Sunday, August 8, 2010
Thomas Edison said ...
When discussing the light bulb, "I have not failed. I have successfully discovered ten-thousand ways that won't work."
He also said, "I am not discouraged, because every wrong attempt discarded is another step forward."
In my interviews with young researchers last year, I asked what keeps them going when some potential treatment they have been working on for months, or even years, does not work in humans. Even though their answers were not the same as Edison's quote above, they were all similar. They had discovered something that does not work, so they can rule that out and get back to the drawing board.
Last week the clinical trial (either Phase III or IV) results for "leuprorelin" were published. The trial was 48-weeks in length and was designed to determine the efficacy (capacity or power to produce a desired effect) and safety of leuprorelin on patients with Spinal Bulbar Muscular Atrophy (Kennedy's Disease). In an earlier trial using this same drug, there appeared to be some swallowing benefits from using the drug.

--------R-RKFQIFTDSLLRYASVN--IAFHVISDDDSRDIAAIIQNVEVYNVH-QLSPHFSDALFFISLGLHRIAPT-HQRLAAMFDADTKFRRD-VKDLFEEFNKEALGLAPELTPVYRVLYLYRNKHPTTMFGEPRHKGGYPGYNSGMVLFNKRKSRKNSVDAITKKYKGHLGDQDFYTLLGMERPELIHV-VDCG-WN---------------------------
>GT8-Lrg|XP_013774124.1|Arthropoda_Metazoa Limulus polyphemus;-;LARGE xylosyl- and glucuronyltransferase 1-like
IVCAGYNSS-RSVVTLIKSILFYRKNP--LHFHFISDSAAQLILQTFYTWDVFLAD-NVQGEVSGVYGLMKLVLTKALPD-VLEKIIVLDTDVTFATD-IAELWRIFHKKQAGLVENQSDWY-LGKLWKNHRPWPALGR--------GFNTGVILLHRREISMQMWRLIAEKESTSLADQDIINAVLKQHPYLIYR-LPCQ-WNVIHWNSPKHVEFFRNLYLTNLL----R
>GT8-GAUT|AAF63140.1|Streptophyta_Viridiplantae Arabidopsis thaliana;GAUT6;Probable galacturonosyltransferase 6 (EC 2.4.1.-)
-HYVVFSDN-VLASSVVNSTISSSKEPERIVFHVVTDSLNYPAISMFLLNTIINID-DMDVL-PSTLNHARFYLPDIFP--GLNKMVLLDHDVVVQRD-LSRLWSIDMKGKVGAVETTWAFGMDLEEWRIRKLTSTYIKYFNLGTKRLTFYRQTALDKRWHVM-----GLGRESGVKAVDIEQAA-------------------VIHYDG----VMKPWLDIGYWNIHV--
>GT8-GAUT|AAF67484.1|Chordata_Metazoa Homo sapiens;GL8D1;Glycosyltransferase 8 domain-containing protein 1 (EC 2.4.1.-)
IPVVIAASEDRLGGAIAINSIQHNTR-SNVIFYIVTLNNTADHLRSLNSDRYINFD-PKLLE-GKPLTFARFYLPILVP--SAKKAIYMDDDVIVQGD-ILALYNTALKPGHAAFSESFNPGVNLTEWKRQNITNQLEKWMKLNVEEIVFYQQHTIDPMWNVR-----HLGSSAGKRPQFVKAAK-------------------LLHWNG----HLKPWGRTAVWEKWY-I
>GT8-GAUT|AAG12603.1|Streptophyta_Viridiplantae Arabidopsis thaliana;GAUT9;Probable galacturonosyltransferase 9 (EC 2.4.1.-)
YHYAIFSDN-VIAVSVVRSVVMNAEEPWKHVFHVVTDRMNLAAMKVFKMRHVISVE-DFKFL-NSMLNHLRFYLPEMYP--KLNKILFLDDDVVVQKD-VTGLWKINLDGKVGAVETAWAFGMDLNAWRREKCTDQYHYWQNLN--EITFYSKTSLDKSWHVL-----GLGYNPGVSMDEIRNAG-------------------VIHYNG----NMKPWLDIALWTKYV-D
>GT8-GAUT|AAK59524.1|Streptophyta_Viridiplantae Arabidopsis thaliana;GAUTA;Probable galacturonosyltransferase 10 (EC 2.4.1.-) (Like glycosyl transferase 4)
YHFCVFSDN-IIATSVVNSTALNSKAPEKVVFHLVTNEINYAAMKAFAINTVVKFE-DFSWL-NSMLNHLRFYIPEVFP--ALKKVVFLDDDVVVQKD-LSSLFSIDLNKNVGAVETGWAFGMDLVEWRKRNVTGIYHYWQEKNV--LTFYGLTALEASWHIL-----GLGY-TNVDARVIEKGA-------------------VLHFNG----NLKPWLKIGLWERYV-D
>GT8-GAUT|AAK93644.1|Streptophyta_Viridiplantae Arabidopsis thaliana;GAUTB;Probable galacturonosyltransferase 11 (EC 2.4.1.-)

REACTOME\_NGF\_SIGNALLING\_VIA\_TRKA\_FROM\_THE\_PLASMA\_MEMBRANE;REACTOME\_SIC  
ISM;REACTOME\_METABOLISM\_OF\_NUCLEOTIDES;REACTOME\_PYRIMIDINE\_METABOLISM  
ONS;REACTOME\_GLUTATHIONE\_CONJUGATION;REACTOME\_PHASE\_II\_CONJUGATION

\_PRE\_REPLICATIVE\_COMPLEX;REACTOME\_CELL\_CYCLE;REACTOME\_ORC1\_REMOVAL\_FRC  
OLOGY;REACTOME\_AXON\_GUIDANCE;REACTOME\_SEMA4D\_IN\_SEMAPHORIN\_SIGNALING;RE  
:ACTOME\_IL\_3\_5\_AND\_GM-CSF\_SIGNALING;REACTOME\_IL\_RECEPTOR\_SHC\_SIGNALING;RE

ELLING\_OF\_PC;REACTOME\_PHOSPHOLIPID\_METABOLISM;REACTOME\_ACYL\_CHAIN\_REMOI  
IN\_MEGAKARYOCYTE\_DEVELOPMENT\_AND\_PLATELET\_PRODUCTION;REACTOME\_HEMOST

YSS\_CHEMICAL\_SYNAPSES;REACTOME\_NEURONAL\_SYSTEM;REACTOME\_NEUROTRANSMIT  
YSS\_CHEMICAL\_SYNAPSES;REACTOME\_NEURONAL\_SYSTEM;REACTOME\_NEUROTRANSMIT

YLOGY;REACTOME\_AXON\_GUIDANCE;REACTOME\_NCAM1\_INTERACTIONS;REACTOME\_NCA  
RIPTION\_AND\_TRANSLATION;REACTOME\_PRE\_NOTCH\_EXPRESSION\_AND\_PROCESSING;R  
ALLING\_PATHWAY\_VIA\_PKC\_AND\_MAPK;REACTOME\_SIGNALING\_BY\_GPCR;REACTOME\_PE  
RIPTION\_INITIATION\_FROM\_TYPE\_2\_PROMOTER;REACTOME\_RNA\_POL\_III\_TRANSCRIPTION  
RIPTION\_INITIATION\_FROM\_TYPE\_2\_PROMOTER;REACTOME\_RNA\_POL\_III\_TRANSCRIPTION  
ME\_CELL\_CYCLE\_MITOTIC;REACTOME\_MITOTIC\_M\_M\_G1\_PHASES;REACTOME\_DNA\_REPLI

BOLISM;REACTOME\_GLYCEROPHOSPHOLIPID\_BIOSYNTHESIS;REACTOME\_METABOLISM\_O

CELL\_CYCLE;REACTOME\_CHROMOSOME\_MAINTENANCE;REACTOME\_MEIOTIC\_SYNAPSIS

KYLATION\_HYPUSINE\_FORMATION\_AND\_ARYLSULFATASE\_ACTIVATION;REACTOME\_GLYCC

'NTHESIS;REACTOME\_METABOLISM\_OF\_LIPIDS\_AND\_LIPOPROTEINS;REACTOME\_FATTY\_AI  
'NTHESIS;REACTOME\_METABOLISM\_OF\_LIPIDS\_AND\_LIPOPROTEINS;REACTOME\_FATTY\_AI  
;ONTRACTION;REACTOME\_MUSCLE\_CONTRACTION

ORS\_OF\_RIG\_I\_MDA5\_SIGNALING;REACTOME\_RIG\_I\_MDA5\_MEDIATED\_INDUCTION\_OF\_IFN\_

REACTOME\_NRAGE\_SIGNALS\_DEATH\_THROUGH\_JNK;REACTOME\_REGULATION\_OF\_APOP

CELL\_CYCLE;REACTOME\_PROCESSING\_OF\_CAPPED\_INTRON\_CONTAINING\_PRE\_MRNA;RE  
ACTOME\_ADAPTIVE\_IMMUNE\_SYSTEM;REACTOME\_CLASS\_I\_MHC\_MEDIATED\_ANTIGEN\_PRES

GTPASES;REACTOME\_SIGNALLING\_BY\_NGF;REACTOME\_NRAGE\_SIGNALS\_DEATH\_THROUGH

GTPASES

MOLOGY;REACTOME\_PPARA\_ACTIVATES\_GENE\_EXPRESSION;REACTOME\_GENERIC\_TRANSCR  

199 patients were involved in this double-blind placebo-controlled trial with 100 taking leuprorelin. The results were "treatment with leuprorelin did not show significant effects on swallowing function in patients with spinal and bulbar muscular atrophy, although it was well tolerated. Disease duration might influence the efficacy of leuprorelin and thus further clinical trials with sensitive outcome measures should be done in subpopulations of patients."
I guess this is why I never became a scientist or researcher. I want to fix something, but I do not want to go through a hundred, let alone thousands of iterations to find the solution. If you have read my articles, then you know that I am very respectful of the work researchers do. Patience, yes one of my favorite words, is a virtue and these researchers continue to amaze me with the abundance of patience they exhibit.
It seems like whenever I push for a potential date when the latest wonder drug will be ready for a clinical trial, the answer is something similar to "we hope soon, but most likely we are still one-to-two years out." For those of us living with Kennedy's Disease, one or two years more seems like an eternity. For the researcher, however, it is just another phase in a long process that might end up proving to be another drug that does not work. Yet, they continue on still hoping for that breakthrough.
Once again I want to say "Thank You" to all those men and women out there working to find a treatment or cure for Kennedy's Disease. They are our hope for a future where we are free from this disease.